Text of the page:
Freshly isolated hepatocytes (5.0 x [10.sup.6]) were seeded into T-100 flasks that were pre-coated with pigtail collagen for 5 h. After cell attachment, the plates were washed with PBS and cells were treated with serum-free medium for 8 h. Then, the cells were stimulated with 20 nM pGH alone (positive control) or with 20 nM pGH together with increasing concentrations of AN98 for 12 h. After incubation, the medium was harvest. The IGF-1 content from each experimental condition was determined using the porcine IGF-1 ELISA kit.

Statistical analysis

Data are presented as the mean values [+ or -] standard error.

RESULTS

Generation and characterization of anti-pGHR monoclonal antibody

We characterized an anti-pGHR antibody (denoted by AN98) using the hybridoma technique. A series of experiments were used to characterize this antibody. First, the ELISA results indicated that AN98, but not the control antibody, specifically react with the porcine GHBP (Figure 1A). Second, to further check the specificity of AN98, the GHBPs from different species (human, rat, sheep, and bovine) were coated on ELISA plates. The corresponding ELISA assays illustrated that AN98 specifically reacted with porcine GHBP but not the GHBPs from other species (Figure 1B). Furthermore, the results from the western blot analysis also confirmed this (Figure 1C).

AN98 specifically binds to pGHR on target cells

The previously mentioned experiments indicated that AN98 specifically reacted with porcine GHBP. Next, we further identified the reaction of A98 with pGHR (full-length pGHR) expressed on target cells. For this, we conducted the following three experiments: i) The results from FACS analysis illustrated that AN98 could bind to CHO-pGHR (Figure 2A). However, control antibody showed no positive signal; ii) Immunofluorescence (IFA) showed that AN98, but not the control antibody, bound to the CHO-pGHR (Figure 2B); iii) Competitive receptor-binding assays indicated that AN98 recognized pGHR expressed on target cells, and this experiment also indicated that the GHR binding epitopes of pGH overlap with that of AN98 (Figure 2C).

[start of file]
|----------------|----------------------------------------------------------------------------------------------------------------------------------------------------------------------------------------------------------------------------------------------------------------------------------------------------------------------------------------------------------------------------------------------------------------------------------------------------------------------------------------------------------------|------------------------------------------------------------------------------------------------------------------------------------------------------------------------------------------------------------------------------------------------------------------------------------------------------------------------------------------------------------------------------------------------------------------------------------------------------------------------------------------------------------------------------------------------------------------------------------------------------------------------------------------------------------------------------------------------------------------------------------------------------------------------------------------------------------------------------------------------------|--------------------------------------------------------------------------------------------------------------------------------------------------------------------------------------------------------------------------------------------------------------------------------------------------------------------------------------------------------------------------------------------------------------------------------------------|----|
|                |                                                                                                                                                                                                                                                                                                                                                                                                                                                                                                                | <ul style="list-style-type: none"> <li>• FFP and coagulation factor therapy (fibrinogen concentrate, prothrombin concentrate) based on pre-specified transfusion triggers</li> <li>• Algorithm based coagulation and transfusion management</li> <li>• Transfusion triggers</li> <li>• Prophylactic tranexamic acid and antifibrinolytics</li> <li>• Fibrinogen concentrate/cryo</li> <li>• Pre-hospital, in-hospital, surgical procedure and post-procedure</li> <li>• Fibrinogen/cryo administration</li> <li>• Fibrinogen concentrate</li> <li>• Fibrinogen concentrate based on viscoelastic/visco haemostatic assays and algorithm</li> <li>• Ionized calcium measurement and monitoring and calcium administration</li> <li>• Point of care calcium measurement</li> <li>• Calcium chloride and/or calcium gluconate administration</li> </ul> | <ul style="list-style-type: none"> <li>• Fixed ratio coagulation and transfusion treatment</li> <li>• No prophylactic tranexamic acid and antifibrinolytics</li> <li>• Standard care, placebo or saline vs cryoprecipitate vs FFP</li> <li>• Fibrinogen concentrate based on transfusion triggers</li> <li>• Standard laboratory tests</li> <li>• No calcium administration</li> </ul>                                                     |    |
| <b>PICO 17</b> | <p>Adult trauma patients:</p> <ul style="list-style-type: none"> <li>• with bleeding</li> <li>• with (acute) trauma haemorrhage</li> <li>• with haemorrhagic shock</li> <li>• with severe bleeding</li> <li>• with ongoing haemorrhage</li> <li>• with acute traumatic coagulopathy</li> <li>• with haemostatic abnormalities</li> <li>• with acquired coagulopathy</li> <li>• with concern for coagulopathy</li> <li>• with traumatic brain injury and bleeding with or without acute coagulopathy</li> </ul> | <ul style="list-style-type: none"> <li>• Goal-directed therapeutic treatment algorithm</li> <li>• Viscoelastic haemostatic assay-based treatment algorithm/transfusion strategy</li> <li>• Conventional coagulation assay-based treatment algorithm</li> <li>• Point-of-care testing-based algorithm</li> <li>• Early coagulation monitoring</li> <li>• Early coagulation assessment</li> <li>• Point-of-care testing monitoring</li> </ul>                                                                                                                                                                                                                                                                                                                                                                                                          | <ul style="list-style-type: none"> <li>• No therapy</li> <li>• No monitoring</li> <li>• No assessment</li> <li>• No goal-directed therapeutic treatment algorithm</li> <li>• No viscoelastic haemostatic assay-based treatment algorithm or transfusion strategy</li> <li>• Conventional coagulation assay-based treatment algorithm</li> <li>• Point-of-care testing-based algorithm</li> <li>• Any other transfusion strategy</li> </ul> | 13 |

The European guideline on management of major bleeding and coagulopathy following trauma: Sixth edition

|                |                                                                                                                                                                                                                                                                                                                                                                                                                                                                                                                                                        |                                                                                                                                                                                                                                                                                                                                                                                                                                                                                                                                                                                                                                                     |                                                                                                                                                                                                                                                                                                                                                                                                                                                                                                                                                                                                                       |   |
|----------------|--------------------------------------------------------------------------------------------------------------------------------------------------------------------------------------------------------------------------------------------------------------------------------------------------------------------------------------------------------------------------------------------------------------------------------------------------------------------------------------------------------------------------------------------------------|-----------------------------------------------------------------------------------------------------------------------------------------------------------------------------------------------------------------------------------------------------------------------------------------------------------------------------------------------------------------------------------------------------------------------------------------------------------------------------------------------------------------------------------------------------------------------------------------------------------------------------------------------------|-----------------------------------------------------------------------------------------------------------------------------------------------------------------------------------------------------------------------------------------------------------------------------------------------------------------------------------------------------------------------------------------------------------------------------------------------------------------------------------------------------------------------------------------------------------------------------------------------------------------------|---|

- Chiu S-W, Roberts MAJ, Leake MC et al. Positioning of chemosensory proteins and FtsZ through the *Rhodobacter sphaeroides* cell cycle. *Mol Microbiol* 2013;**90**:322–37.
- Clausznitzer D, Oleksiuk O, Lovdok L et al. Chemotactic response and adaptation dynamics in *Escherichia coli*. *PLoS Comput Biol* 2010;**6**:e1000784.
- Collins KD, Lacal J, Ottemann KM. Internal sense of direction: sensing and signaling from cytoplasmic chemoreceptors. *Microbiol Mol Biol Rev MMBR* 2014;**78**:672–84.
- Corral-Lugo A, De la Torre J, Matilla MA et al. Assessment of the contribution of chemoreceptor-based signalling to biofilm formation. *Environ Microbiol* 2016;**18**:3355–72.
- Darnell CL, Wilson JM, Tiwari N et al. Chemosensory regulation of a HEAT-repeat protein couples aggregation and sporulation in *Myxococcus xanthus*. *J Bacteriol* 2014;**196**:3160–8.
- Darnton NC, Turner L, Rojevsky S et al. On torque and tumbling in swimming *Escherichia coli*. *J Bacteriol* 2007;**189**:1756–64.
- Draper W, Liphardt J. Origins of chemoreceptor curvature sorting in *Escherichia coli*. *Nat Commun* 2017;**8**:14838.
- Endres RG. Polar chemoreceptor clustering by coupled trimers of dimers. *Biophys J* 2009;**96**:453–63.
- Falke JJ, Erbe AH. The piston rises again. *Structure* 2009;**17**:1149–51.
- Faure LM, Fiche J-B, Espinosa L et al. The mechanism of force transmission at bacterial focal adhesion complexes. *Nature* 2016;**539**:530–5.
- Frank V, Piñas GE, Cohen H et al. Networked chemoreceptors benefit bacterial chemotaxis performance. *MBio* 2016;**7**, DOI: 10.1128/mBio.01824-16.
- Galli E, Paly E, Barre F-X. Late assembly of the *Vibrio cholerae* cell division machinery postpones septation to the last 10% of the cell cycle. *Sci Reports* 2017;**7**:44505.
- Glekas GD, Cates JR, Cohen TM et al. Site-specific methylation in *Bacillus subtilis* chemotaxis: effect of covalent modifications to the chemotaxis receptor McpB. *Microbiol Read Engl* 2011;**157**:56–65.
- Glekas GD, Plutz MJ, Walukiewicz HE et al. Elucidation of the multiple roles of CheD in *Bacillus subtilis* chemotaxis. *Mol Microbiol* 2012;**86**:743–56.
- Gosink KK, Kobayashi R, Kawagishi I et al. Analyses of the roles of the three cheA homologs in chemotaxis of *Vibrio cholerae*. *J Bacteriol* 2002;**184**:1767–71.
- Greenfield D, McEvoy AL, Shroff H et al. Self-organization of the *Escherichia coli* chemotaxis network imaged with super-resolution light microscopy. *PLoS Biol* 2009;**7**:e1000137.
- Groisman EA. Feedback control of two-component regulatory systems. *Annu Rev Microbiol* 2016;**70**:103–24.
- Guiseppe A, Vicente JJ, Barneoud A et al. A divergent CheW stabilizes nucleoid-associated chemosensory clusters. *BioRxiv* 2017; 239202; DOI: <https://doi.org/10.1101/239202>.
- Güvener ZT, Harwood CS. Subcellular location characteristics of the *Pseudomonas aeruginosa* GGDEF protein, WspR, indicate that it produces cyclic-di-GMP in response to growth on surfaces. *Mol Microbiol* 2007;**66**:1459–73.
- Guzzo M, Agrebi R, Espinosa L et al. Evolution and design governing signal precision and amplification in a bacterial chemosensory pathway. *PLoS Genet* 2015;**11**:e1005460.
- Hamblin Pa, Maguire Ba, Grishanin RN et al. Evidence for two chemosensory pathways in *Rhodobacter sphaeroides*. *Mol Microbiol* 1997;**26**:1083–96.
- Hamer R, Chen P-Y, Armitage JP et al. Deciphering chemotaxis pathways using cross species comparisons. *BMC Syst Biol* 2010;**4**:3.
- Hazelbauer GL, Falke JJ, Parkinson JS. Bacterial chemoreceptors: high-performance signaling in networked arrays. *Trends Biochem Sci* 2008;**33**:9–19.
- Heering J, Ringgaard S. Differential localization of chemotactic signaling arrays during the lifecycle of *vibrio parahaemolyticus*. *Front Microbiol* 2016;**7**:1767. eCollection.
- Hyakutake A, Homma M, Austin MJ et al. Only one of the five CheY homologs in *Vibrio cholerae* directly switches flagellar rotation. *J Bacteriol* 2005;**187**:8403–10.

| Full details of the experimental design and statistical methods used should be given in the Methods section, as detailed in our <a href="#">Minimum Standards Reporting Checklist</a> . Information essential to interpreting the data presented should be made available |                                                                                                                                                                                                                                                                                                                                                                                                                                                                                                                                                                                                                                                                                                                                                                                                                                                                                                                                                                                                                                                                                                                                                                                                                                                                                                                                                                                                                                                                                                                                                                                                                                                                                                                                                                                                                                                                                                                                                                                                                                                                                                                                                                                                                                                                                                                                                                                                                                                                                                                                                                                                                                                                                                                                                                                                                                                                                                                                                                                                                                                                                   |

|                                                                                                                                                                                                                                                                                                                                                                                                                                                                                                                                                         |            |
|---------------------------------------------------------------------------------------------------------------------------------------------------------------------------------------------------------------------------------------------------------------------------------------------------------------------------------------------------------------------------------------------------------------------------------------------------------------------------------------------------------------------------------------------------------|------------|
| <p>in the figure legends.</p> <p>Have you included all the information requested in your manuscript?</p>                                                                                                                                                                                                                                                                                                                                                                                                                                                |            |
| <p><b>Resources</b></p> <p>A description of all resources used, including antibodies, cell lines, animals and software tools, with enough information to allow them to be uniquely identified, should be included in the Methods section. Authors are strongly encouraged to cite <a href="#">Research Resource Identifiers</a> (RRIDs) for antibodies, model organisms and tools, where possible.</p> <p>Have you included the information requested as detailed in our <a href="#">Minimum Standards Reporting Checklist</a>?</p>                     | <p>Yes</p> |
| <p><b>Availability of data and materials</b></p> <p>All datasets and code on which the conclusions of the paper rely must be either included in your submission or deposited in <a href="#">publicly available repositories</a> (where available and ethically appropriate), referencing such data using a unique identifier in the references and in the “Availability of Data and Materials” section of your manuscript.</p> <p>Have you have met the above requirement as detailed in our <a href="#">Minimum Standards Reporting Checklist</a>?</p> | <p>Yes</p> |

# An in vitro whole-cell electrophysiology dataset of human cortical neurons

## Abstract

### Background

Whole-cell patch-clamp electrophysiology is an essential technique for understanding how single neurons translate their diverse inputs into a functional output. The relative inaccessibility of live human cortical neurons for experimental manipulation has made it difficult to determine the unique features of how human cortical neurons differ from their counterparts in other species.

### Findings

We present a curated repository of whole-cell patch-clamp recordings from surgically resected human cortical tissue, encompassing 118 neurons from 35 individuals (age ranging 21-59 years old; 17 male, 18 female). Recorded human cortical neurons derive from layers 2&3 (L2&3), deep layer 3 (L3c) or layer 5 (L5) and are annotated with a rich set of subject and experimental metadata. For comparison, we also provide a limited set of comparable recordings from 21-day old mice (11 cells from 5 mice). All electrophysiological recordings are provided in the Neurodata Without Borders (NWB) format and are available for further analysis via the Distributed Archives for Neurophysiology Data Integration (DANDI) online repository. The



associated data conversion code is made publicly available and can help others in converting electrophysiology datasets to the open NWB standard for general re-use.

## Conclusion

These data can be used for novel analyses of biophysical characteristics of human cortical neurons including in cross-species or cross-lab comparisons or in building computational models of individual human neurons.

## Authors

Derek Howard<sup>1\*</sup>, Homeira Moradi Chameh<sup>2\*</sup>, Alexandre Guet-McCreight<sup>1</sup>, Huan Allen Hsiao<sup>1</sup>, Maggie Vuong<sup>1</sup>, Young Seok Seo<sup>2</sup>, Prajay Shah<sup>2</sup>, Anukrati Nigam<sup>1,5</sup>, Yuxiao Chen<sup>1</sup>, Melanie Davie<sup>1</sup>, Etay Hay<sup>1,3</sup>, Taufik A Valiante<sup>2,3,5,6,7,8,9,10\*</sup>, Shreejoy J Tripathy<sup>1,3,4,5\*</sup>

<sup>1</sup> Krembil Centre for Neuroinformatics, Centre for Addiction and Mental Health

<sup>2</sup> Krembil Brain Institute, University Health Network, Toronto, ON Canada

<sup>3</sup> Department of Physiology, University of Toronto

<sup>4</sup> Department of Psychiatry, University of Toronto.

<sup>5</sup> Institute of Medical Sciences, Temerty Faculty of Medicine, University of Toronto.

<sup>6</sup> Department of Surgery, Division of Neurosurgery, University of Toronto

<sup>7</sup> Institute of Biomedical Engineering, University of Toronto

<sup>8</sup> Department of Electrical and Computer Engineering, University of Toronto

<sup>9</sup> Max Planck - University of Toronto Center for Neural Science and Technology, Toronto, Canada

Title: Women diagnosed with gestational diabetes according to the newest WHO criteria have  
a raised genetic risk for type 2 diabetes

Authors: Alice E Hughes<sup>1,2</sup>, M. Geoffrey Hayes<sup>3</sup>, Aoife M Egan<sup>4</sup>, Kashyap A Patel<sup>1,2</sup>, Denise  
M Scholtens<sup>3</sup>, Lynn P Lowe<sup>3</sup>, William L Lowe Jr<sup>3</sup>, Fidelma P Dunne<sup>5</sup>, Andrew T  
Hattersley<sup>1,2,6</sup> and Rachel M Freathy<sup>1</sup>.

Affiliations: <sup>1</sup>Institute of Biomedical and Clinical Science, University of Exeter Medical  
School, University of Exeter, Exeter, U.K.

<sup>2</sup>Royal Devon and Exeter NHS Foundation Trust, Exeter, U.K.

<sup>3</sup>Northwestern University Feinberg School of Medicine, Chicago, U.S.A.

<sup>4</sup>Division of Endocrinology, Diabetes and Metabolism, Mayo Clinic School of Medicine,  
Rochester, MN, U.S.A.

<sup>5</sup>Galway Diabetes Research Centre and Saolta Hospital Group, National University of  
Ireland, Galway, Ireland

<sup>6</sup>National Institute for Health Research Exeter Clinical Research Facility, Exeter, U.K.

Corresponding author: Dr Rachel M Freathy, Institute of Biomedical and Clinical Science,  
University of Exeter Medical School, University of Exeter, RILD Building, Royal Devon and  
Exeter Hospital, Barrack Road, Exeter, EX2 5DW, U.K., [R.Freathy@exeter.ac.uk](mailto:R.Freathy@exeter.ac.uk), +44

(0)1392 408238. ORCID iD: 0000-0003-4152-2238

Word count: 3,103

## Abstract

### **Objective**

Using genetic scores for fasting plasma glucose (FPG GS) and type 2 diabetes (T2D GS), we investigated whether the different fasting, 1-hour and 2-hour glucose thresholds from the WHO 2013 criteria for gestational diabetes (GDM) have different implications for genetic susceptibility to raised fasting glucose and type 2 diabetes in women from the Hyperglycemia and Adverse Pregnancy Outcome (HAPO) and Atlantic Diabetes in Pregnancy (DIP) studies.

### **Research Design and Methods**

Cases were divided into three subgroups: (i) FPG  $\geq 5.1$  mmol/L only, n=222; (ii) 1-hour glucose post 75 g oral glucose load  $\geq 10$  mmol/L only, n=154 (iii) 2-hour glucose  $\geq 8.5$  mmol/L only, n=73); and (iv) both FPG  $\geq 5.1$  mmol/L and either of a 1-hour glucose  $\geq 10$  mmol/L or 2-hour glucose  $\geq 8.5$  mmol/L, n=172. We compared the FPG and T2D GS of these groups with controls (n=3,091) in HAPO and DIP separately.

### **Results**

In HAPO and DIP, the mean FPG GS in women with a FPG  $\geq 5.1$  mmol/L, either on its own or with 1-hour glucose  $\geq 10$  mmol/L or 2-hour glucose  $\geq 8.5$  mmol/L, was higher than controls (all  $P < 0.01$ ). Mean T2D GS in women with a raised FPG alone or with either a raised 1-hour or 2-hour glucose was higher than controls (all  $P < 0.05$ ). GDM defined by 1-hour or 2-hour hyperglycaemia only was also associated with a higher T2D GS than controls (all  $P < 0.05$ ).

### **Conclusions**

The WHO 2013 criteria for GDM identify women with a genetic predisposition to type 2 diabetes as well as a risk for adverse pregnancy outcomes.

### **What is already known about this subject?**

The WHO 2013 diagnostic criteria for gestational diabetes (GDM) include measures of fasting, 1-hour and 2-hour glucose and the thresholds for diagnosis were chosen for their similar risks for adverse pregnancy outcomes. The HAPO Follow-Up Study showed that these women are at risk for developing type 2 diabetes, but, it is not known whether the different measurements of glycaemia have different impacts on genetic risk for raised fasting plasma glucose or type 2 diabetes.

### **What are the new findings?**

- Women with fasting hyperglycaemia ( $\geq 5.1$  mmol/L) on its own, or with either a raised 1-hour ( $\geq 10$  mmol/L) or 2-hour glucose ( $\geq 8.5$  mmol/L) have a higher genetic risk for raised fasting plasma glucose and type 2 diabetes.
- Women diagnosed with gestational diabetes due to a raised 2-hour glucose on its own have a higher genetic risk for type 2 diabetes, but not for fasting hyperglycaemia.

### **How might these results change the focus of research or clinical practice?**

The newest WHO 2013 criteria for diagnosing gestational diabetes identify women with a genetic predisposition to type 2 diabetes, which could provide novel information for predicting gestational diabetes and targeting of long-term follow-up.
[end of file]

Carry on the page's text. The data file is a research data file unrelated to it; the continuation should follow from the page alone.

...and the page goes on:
Evaluation of the antagonistic effects of AN98

Before evaluating the antagonistic effects of AN98 in CHO-pGHR cells, we first determined that AN98 itself has no agonistic effect. As shown in Figure 3, AN98 and the control antibody could not activate JAK2-STAT5 signalling, whereas pGH and B32 induced the phosphorylation of JAK2-STAT5. Next, we determined the AN98 antagonistic activities; AN98, but not the control antibody, effectively inhibited pGH-induced signalling. The antagonistic effects of AN98 were initially seen at a concentration of 0.05 [micro]g/mL. The antagonistic effects of AN98 on JAK2-STAT5 were dramatically enhanced as the AN98 concentration increased. When a 5 [micro]g/mL of AN98 was used, pGH-induced signalling was completely inhibited (Figure 4). These findings show that AN98 has antagonistic activities.

In addition, we checked the antagonistic effect of AN98 in porcine hepatocytes. As indicated in Figure 1, AN98, but not the control antibody, effectively inhibited pGH-induced signalling in porcine hepatocyte models. The antagonistic effect of AN98 was initially shown at concentrations of 0.05 [micro]g/mL. The antagonistic effects of AN98 on JAK2-STAT5 signalling were dramatically augmented as the AN98 concentration increased. When AN98 was used at a concentration of 5 [micro]g/mL, pGH-induced signalling was completely disrupted. These findings demonstrated the antagonistic activities of AN98 in porcine hepatocytes.

AN98 inhibits pGH-induced IGF-1 secretion in porcine hepatocytes

To further test the antagonistic effects, we analysed the impact of AN98 on pGH-induced IGF-1 secretion in porcine hepatocytes. AN98 was shown to inhibit IGF-1 secretion induced by pGH. When AN98 was used at a concentration of 20 [micro]g/mL, almost all IGF-1 secretion was inhibited (Figure 6).

DISCUSSION

In this study, we prepared and characterized a monoclonal antibody against pGHR, denoted by AN98, which not only specifically binds to pGHR but also serves as a potential pGHR antagonist. This is the first report of a GHR antagonist that specifically targets pGHR.